- The Marine Corps excludes its amphibious assault vehicles from waterborne operations except in a crisis.
- The corps suspended these operations after an AAV sank and killed nine U.S. troops last year, but restarted them this year.
- The decision is a big turnaround and comes even though the corps says AAVs are “safe and effective” for amphibious operations.
The U.S. Marine Corps is pulling its amphibious attack vehicles from regular deployments and out of the water except in emergencies following a fatal crash last year, the service said in a statement.
The commander of the Marine Corps, General David Berger, has decided that AAVs “will no longer serve as part of regular scheduled deployments or train in the water during military exercises,” the statement said.
“AAVs will only return to operate in the water if it is necessary for crisis response,” the corps said, noting that the vehicles will still be allowed to operate on land.
The Marine Corps insisted that “the AAV is a safe and effective vehicle for amphibious operations” and that the decision “was taken in the interest of the long-term health of the amphibious craft programs and future capabilities.”
The decision comes about a year and a half after an AAV assigned to the Bravo Company, Battalion Landing Team 1st Battalion, 4th Marines, part of the 15th Marine Expeditionary Unit sank off the coast of California during training, killing eight Marines and a Marine. It was the deadliest accident in the history of the AAV program.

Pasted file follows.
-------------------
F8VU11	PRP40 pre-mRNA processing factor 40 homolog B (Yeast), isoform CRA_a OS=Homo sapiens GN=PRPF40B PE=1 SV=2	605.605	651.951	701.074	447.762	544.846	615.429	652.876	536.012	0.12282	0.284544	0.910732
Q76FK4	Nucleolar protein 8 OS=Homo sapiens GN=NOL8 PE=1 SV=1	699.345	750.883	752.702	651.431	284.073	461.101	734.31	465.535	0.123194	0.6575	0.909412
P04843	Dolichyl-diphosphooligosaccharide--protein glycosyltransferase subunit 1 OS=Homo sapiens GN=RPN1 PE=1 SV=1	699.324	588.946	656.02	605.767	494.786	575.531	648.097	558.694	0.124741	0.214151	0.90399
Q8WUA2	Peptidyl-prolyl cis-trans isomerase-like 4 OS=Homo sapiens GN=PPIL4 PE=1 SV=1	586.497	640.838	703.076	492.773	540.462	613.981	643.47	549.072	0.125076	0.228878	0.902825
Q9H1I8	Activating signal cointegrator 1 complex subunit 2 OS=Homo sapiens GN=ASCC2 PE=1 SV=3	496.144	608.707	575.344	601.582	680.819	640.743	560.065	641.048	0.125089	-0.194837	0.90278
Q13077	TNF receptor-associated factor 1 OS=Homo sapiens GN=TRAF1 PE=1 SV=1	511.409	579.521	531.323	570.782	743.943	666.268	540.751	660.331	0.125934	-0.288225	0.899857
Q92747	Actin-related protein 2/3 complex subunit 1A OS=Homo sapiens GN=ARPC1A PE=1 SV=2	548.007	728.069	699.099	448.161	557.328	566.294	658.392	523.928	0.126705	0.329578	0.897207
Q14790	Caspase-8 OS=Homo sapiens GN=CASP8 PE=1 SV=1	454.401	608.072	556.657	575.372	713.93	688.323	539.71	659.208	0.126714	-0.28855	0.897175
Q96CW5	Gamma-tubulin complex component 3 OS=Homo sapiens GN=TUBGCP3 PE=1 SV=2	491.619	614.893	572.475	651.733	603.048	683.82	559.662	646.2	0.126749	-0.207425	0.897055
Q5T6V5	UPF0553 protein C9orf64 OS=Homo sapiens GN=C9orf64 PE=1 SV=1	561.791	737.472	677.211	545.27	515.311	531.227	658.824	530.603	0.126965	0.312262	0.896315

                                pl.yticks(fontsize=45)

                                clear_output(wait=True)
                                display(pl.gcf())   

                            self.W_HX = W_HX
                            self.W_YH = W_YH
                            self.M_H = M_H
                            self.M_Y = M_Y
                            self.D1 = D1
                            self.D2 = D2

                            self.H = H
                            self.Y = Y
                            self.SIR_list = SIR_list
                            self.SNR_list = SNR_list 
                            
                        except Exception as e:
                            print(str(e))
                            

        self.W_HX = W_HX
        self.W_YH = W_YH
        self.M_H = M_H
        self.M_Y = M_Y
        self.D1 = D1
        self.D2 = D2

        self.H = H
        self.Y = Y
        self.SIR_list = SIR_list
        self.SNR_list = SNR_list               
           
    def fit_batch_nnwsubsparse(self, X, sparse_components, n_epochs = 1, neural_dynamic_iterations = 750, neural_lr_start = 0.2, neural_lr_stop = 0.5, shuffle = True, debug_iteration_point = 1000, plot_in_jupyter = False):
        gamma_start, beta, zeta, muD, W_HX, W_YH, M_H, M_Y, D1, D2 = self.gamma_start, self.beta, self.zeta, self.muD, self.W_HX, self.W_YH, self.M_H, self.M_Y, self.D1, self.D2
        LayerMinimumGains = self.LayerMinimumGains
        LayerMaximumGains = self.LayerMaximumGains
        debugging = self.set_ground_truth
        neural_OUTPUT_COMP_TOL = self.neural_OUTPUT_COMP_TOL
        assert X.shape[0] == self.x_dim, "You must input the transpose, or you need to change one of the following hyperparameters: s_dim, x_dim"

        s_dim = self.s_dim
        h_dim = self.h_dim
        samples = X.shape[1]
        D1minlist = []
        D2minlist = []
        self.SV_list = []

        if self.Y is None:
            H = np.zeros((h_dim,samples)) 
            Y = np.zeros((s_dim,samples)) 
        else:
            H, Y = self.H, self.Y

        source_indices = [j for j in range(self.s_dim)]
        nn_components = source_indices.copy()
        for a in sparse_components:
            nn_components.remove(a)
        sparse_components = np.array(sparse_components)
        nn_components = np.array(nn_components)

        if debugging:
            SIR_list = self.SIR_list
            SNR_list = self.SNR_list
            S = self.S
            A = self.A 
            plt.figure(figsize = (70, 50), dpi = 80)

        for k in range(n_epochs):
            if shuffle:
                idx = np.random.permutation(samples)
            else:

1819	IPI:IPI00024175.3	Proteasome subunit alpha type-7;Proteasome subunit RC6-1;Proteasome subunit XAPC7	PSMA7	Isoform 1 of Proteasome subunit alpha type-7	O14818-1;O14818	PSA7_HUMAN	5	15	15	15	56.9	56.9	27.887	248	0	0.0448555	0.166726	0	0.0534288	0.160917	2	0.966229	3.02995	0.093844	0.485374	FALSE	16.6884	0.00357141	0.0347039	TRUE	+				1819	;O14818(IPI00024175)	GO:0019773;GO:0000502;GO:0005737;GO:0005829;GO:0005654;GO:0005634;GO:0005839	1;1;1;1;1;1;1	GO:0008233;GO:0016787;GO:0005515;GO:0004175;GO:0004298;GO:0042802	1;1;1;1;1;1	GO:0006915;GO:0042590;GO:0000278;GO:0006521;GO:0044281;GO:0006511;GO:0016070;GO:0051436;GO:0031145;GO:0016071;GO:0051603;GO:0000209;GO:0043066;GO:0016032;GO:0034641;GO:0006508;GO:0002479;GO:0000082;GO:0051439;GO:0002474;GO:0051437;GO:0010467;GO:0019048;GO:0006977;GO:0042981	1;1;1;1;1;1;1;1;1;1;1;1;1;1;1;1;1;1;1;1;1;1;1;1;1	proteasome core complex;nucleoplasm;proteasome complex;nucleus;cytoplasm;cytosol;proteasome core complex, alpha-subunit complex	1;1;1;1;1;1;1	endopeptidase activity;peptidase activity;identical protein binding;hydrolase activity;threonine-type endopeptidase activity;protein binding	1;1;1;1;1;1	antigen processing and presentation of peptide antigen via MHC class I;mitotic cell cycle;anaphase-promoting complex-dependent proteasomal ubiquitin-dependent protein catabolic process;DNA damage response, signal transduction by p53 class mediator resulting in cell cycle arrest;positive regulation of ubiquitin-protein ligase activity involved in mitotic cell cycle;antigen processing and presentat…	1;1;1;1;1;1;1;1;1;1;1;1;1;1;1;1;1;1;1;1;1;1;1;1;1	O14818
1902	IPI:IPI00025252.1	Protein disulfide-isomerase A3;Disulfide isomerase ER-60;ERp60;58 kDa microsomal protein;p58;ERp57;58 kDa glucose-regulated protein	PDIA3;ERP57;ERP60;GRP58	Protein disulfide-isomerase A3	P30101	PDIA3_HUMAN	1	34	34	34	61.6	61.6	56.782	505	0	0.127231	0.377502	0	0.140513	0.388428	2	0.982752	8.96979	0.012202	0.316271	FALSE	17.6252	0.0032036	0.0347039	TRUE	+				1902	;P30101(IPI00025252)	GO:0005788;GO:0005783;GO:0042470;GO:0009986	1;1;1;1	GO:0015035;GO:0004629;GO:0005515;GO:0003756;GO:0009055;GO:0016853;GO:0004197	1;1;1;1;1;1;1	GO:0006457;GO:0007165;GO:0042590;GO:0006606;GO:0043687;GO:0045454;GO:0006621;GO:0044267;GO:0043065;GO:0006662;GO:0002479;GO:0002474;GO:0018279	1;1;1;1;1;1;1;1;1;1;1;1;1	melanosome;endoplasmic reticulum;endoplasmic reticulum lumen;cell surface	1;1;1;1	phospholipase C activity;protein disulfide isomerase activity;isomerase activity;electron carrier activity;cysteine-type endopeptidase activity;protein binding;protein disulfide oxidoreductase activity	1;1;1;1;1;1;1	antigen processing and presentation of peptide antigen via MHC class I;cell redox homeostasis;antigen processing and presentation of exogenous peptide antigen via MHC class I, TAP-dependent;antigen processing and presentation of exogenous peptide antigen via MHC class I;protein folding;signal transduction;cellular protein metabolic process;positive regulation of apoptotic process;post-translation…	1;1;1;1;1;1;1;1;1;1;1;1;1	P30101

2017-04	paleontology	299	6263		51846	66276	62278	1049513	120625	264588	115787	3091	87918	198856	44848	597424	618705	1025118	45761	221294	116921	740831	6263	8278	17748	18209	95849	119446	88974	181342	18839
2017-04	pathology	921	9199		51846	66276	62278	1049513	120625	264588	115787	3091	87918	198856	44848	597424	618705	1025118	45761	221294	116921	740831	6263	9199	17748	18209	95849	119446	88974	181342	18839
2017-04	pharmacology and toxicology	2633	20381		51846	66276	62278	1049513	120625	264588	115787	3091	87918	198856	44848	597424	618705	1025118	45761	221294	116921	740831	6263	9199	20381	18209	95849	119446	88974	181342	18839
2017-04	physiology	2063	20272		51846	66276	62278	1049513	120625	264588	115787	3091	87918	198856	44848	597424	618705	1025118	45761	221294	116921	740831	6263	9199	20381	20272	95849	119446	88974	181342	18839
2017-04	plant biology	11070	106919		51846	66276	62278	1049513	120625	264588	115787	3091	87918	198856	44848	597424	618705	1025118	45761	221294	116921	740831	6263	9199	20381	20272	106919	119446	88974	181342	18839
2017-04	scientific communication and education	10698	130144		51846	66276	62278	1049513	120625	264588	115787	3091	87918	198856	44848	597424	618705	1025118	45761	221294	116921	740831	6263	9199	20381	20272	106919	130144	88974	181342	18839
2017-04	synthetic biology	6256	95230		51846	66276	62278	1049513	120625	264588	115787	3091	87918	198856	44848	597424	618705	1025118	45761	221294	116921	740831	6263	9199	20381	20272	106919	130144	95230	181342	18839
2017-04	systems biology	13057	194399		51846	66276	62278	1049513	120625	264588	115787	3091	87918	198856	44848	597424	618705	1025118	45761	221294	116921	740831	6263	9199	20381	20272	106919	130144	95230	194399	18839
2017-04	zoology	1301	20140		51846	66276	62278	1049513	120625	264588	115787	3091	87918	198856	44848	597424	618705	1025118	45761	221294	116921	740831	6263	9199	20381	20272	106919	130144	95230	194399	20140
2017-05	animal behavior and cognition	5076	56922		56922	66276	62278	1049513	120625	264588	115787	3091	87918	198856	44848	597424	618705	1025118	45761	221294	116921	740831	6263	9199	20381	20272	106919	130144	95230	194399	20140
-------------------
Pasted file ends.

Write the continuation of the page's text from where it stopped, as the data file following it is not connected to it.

One of several investigations into the accident concluded that the tragedy was “preventable” and was caused by “a confluence of human and mechanical faults.” Specifically, the vehicle was improperly maintained, training was inadequate, and critical safety procedures were not followed.
In the wake, the corps replaced several officers, including a two-star general.
Although Marine Corps suspended waterborne operations for AAVs almost immediately after the accident, the service decided in April to put them back in the water, provided the units met certain safety requirements.
Pulling AAVs out of regular deployments and waterborne operations permanently, where their use is only allowed in the event of a crisis, is a big turnaround.
The corps is in the process of replacing its aging fleet of AAVs with the newer amphibious combat vehicles that the service began receiving last fall.
In September, Marines announced that the service had “suspended waterborne operations of amphibious combat vessels after identifying a problem with the towing mechanism,” explaining that the decision was made “out of an abundance of caution.”
A Marine Corps spokesman told the Marine Corps Times that the ACV is currently still unable to carry out waterborne operations, meaning the service does not have any amphibious vehicles authorized to carry out waterborne operations under normal circumstances.